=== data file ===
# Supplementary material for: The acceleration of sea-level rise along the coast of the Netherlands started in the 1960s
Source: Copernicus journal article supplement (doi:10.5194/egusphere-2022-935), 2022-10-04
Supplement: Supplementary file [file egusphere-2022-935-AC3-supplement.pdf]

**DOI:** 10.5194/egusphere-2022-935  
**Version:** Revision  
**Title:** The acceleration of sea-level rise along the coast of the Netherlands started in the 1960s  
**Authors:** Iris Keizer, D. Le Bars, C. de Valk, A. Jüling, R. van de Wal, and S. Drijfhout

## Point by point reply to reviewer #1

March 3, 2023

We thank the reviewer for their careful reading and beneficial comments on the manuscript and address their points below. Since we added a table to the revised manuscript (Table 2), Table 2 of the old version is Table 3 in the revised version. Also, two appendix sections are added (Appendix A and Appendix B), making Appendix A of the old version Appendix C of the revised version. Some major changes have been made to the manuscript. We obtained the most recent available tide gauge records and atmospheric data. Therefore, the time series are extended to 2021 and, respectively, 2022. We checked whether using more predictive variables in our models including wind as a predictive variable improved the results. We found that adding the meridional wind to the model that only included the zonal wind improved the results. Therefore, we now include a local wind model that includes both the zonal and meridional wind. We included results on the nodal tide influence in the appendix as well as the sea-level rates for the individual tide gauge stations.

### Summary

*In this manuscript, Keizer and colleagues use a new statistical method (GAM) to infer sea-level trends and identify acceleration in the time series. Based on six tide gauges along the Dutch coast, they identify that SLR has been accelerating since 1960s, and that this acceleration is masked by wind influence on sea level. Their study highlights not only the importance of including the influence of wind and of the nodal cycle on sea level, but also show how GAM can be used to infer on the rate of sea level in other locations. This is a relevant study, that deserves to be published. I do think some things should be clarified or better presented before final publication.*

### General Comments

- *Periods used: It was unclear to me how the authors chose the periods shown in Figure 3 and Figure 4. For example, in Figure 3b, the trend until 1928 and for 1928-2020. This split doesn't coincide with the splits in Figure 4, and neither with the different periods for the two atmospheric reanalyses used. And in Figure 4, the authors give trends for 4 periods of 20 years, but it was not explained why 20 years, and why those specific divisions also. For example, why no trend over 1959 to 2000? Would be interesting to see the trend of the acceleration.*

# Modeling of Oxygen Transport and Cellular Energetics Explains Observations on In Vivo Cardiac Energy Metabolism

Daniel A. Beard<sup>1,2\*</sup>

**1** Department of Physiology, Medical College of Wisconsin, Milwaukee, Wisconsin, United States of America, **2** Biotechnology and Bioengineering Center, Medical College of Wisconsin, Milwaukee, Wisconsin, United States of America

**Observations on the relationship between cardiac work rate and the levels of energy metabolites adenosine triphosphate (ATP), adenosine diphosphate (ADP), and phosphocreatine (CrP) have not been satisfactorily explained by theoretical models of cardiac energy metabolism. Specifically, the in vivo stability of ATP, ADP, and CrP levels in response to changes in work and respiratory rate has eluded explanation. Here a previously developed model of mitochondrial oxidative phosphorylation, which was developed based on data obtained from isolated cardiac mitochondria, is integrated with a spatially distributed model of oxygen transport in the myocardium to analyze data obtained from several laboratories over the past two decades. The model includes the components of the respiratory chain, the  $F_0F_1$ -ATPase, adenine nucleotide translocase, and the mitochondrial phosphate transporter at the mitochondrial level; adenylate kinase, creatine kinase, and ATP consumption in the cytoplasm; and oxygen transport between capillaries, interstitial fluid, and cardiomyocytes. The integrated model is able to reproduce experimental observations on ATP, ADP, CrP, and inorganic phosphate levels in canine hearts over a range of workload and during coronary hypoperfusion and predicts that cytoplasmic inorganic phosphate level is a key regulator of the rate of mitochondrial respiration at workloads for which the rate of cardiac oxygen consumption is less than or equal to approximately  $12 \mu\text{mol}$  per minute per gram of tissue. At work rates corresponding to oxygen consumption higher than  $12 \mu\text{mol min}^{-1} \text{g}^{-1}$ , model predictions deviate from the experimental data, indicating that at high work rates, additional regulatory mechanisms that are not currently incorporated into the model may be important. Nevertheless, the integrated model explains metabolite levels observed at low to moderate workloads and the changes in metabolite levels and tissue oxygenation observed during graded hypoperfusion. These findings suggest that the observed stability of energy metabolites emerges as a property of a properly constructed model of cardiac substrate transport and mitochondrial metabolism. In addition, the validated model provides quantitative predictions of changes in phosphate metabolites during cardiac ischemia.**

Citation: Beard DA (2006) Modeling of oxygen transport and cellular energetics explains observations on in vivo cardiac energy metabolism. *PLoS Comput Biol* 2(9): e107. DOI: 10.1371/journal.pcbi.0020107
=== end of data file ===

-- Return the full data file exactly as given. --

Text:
# Supplementary material for: The acceleration of sea-level rise along the coast of the Netherlands started in the 1960s
Source: Copernicus journal article supplement (doi:10.5194/egusphere-2022-935), 2022-10-04
Supplement: Supplementary file [file egusphere-2022-935-AC3-supplement.pdf]

**DOI:** 10.5194/egusphere-2022-935  
**Version:** Revision  
**Title:** The acceleration of sea-level rise along the coast of the Netherlands started in the 1960s  
**Authors:** Iris Keizer, D. Le Bars, C. de Valk, A. Jüling, R. van de Wal, and S. Drijfhout

## Point by point reply to reviewer #1

March 3, 2023

We thank the reviewer for their careful reading and beneficial comments on the manuscript and address their points below. Since we added a table to the revised manuscript (Table 2), Table 2 of the old version is Table 3 in the revised version. Also, two appendix sections are added (Appendix A and Appendix B), making Appendix A of the old version Appendix C of the revised version. Some major changes have been made to the manuscript. We obtained the most recent available tide gauge records and atmospheric data. Therefore, the time series are extended to 2021 and, respectively, 2022. We checked whether using more predictive variables in our models including wind as a predictive variable improved the results. We found that adding the meridional wind to the model that only included the zonal wind improved the results. Therefore, we now include a local wind model that includes both the zonal and meridional wind. We included results on the nodal tide influence in the appendix as well as the sea-level rates for the individual tide gauge stations.

### Summary

*In this manuscript, Keizer and colleagues use a new statistical method (GAM) to infer sea-level trends and identify acceleration in the time series. Based on six tide gauges along the Dutch coast, they identify that SLR has been accelerating since 1960s, and that this acceleration is masked by wind influence on sea level. Their study highlights not only the importance of including the influence of wind and of the nodal cycle on sea level, but also show how GAM can be used to infer on the rate of sea level in other locations. This is a relevant study, that deserves to be published. I do think some things should be clarified or better presented before final publication.*

### General Comments

- *Periods used: It was unclear to me how the authors chose the periods shown in Figure 3 and Figure 4. For example, in Figure 3b, the trend until 1928 and for 1928-2020. This split doesn't coincide with the splits in Figure 4, and neither with the different periods for the two atmospheric reanalyses used. And in Figure 4, the authors give trends for 4 periods of 20 years, but it was not explained why 20 years, and why those specific divisions also. For example, why no trend over 1959 to 2000? Would be interesting to see the trend of the acceleration.*

# Modeling of Oxygen Transport and Cellular Energetics Explains Observations on In Vivo Cardiac Energy Metabolism

Daniel A. Beard<sup>1,2\*</sup>

**1** Department of Physiology, Medical College of Wisconsin, Milwaukee, Wisconsin, United States of America, **2** Biotechnology and Bioengineering Center, Medical College of Wisconsin, Milwaukee, Wisconsin, United States of America

**Observations on the relationship between cardiac work rate and the levels of energy metabolites adenosine triphosphate (ATP), adenosine diphosphate (ADP), and phosphocreatine (CrP) have not been satisfactorily explained by theoretical models of cardiac energy metabolism. Specifically, the in vivo stability of ATP, ADP, and CrP levels in response to changes in work and respiratory rate has eluded explanation. Here a previously developed model of mitochondrial oxidative phosphorylation, which was developed based on data obtained from isolated cardiac mitochondria, is integrated with a spatially distributed model of oxygen transport in the myocardium to analyze data obtained from several laboratories over the past two decades. The model includes the components of the respiratory chain, the  $F_0F_1$ -ATPase, adenine nucleotide translocase, and the mitochondrial phosphate transporter at the mitochondrial level; adenylate kinase, creatine kinase, and ATP consumption in the cytoplasm; and oxygen transport between capillaries, interstitial fluid, and cardiomyocytes. The integrated model is able to reproduce experimental observations on ATP, ADP, CrP, and inorganic phosphate levels in canine hearts over a range of workload and during coronary hypoperfusion and predicts that cytoplasmic inorganic phosphate level is a key regulator of the rate of mitochondrial respiration at workloads for which the rate of cardiac oxygen consumption is less than or equal to approximately  $12 \mu\text{mol}$  per minute per gram of tissue. At work rates corresponding to oxygen consumption higher than  $12 \mu\text{mol min}^{-1} \text{g}^{-1}$ , model predictions deviate from the experimental data, indicating that at high work rates, additional regulatory mechanisms that are not currently incorporated into the model may be important. Nevertheless, the integrated model explains metabolite levels observed at low to moderate workloads and the changes in metabolite levels and tissue oxygenation observed during graded hypoperfusion. These findings suggest that the observed stability of energy metabolites emerges as a property of a properly constructed model of cardiac substrate transport and mitochondrial metabolism. In addition, the validated model provides quantitative predictions of changes in phosphate metabolites during cardiac ischemia.**

Citation: Beard DA (2006) Modeling of oxygen transport and cellular energetics explains observations on in vivo cardiac energy metabolism. *PLoS Comput Biol* 2(9): e107. DOI: 10.1371/journal.pcbi.0020107